# $(a_n)_{n=1}^\infty$ s.t $\lim_{n \rightarrow \infty} |a_n| = 0$. Prove $\exists$ subsequence $(a_{n_k})$ s.t $\sum_{k=1}^\infty a_{n_k}$ converges.

Let $$(a_n)_{n=1}^\infty$$ be a sequence such that $$\lim_{n \rightarrow \infty} |a_n| = 0$$. Prove that there is a subsequence $$(a_{n_k})$$ such that $$\sum_{k=1}^\infty a_{n_k}$$ converges.

Stuck on this question. I know that if we have a sequence $$x_n$$ that converges $$\rightarrow 0$$, $$\sum x_n$$ converges but the converse isn't necessarily true. The absolute value had me consider using the Comparison Test.

My initial thoughts with this is using that the sequence is convergent and there bounded. Then by Bolzano-Weirstrass, we know there exists a convergent subsequence. And then using some fact to show that the subsequence converges.

But not too sure, would appreciate help.

## 2 Answers

Since $$a_n \to 0$$, for each $$k\in \mathbb{N}$$, there exists an integer $$n_k \in \mathbb{N}$$ such that $$|a_{n_k}| \leq 2^{-k}$$. It follows that $$\sum\limits_{k=1}^\infty |a_{n_k}|$$ converges as it is bounded above by a converging series.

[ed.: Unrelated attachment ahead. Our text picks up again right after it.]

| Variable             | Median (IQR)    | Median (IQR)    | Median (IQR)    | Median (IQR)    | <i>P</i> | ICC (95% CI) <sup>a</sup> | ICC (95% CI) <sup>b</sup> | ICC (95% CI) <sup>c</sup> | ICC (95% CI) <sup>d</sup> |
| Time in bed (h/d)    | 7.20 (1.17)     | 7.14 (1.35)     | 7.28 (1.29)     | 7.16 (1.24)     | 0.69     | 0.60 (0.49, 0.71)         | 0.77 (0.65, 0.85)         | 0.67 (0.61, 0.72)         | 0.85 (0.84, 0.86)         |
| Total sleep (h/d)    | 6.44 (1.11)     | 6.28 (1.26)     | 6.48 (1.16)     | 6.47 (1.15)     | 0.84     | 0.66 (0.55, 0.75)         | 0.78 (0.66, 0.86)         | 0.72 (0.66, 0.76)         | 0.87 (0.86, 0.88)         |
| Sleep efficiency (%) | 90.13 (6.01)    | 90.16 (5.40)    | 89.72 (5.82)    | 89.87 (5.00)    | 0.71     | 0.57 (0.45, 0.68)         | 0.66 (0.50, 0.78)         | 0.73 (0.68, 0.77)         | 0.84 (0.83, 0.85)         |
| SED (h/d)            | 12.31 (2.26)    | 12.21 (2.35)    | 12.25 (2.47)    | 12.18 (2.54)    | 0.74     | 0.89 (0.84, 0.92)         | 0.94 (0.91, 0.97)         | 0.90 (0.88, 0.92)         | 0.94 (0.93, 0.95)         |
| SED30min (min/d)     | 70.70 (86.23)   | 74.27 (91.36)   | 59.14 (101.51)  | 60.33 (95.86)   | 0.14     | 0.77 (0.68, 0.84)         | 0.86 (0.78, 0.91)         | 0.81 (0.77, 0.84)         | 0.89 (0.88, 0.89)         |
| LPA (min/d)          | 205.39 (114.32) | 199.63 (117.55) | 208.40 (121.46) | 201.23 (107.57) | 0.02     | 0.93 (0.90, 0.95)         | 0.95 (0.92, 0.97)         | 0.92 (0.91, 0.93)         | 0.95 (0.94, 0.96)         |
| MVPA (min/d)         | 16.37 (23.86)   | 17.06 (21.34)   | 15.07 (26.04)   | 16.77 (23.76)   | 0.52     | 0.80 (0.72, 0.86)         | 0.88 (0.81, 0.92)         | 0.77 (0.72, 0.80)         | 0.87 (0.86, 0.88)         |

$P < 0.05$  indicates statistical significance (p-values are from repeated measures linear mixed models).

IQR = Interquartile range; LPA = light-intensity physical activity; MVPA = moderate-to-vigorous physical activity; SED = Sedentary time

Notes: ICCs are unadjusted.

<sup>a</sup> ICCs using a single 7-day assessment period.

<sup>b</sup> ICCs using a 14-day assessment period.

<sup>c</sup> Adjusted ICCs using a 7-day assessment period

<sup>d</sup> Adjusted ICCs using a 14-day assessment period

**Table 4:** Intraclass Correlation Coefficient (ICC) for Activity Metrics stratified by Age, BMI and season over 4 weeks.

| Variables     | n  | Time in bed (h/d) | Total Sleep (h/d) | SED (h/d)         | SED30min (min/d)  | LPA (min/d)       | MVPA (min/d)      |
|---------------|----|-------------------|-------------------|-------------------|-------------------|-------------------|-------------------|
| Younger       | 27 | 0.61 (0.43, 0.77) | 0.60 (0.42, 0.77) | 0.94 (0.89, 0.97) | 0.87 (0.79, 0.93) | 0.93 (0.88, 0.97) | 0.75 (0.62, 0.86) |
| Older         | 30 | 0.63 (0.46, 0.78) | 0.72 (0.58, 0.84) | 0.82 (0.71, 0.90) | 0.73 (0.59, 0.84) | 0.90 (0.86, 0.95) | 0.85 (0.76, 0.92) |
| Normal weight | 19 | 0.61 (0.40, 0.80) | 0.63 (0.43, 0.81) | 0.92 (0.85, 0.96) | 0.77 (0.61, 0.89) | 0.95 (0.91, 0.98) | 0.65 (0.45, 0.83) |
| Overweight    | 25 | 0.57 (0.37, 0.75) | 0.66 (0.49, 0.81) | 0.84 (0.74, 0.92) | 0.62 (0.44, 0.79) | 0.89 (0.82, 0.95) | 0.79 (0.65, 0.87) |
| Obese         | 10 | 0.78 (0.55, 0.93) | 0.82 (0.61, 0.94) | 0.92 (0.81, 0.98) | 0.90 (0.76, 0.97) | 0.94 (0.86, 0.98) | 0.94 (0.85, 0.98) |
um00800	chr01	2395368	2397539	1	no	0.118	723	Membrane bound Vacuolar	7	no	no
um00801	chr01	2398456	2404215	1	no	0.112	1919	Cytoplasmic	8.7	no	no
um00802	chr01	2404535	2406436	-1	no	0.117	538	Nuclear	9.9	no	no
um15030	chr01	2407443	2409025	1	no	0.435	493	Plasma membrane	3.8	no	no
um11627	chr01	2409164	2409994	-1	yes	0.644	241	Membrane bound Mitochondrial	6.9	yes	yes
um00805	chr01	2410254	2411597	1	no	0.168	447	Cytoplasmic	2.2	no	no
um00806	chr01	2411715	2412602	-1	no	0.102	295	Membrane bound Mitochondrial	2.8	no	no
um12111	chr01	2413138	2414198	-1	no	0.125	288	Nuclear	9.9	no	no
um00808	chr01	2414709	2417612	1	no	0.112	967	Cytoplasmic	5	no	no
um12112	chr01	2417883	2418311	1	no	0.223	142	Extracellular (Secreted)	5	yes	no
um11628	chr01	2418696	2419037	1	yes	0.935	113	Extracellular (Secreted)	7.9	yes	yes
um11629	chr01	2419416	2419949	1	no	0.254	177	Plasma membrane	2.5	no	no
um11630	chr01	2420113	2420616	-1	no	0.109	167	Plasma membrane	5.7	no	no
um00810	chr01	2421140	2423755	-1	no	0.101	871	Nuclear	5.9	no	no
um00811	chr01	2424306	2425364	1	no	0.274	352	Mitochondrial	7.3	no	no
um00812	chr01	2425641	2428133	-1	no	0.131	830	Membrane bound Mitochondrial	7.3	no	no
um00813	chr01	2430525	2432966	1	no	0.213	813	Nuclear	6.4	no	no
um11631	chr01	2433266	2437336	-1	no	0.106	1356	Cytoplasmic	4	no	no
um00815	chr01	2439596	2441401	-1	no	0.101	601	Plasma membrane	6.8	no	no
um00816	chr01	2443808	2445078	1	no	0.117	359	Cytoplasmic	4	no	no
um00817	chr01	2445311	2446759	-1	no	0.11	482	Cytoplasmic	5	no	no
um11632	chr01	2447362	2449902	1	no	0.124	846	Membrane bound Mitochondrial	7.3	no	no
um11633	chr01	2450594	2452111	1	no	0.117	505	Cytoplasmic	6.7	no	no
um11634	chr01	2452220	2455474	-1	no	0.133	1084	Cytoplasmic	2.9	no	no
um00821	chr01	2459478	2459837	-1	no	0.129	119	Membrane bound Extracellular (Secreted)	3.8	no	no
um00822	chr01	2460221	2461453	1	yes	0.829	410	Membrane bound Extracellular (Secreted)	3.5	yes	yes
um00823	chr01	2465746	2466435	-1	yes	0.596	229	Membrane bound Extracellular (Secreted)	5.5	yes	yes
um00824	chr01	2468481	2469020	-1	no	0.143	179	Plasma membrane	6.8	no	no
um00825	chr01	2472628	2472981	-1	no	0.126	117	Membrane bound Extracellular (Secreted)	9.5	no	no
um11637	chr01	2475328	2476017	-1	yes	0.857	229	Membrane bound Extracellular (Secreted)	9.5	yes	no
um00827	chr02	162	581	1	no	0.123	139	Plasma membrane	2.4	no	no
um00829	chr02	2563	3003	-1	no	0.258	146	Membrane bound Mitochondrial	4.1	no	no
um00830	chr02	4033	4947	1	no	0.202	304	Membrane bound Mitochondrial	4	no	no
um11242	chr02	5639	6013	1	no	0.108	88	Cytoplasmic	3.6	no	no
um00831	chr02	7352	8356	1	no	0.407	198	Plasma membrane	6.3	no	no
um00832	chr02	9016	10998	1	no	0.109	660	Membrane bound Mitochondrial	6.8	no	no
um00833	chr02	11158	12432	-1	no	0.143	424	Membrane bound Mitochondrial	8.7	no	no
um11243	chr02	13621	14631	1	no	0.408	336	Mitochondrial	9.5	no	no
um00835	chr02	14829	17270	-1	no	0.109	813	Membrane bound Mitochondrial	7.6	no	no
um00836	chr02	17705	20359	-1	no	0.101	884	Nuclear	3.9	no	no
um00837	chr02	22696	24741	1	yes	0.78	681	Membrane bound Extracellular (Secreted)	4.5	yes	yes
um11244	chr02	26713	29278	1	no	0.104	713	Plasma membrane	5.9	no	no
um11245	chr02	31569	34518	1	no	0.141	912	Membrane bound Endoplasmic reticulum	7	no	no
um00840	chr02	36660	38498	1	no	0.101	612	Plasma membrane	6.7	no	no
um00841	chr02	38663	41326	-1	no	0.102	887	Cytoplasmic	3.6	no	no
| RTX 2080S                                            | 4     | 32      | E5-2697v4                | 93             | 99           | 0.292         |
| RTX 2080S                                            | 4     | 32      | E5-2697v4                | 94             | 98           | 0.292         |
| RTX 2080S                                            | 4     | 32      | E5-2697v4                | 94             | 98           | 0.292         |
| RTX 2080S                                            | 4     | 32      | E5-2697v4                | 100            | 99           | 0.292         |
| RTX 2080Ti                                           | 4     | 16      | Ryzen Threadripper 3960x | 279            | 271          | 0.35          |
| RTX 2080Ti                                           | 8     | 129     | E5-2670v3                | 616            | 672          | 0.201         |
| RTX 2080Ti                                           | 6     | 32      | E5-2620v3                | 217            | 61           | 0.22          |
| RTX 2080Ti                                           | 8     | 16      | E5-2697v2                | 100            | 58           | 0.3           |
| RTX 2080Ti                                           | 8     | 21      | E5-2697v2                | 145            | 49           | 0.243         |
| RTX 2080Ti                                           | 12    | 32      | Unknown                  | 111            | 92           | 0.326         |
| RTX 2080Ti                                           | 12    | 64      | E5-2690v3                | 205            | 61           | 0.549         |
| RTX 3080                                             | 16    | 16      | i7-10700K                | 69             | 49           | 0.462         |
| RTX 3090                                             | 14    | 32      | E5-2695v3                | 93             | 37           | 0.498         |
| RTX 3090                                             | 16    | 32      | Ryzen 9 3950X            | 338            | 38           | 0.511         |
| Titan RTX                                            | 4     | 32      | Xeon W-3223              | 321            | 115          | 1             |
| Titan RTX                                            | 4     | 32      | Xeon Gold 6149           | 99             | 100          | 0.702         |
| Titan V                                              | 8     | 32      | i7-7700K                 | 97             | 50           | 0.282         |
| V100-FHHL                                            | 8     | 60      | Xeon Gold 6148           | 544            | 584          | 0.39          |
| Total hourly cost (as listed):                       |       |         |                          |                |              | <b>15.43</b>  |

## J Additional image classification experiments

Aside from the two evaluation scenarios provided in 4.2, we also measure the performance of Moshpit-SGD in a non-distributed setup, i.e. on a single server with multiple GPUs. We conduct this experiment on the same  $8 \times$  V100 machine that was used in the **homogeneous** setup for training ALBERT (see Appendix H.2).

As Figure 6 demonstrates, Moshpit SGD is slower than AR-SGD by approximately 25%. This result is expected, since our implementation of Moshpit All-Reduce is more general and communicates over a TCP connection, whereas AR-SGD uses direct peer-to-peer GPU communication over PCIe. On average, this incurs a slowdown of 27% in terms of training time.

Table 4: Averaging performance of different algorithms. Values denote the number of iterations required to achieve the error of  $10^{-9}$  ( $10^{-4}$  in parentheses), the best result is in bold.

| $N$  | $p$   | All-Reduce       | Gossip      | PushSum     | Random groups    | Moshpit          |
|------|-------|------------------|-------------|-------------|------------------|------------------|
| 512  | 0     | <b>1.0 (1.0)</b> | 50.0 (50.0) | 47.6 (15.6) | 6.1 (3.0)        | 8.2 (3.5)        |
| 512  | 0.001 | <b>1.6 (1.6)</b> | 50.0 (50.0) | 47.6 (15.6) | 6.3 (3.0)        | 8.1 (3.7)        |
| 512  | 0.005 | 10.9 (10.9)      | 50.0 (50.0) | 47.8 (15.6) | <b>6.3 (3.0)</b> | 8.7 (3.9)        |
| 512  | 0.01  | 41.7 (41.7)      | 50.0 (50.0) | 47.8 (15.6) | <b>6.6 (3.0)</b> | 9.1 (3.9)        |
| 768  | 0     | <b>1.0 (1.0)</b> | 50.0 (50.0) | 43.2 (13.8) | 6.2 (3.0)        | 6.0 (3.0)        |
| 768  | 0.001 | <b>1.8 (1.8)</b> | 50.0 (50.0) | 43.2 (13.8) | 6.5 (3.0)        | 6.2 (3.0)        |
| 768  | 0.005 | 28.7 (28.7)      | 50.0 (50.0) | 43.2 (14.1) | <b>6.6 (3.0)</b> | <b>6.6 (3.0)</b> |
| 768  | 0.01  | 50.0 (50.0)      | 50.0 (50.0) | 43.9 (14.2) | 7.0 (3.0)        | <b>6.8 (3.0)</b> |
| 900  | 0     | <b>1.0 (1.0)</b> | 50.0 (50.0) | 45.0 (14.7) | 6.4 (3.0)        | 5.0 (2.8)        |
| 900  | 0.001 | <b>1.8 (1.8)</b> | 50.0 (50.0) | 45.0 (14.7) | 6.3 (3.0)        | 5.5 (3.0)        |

• Is $2^{-k}$ just an arbitrary choice to bound it since we know that the sequence converges to 0, so that inequality is true eventually? – SS' Oct 25 '18 at 18:22
• yes, it's an arbitrary choice of a converging series. You can take anything you like which converges, say $1/k^2$ for instance. Then fixing the $k$-th term you can make $|a_n|$ smaller than that by choosing $n$ large enough thanks to the condition that $a_n \to 0$. – Hayk Oct 25 '18 at 18:24

Let $$f(1)$$ be the least $$j$$ such that $$|a_j|<1/2.$$ For each $$n\in \Bbb N$$ let $$f(n+1)$$ be the least $$j$$ such that (I) $$j>f(n)$$ and (II) $$|a_j|<2^{-(n+1)}.$$

Then $$(f(n))_{n\in \Bbb N}$$ is a strictly increasing sequence, and $$\sum_{n=1}^{\infty}|a_{f(n)}|<\sum_{n=1}^{\infty}2^{-n}=1<\infty.$$

So $$\sum_{n=1}^{\infty}a_{f(n)}$$ converges.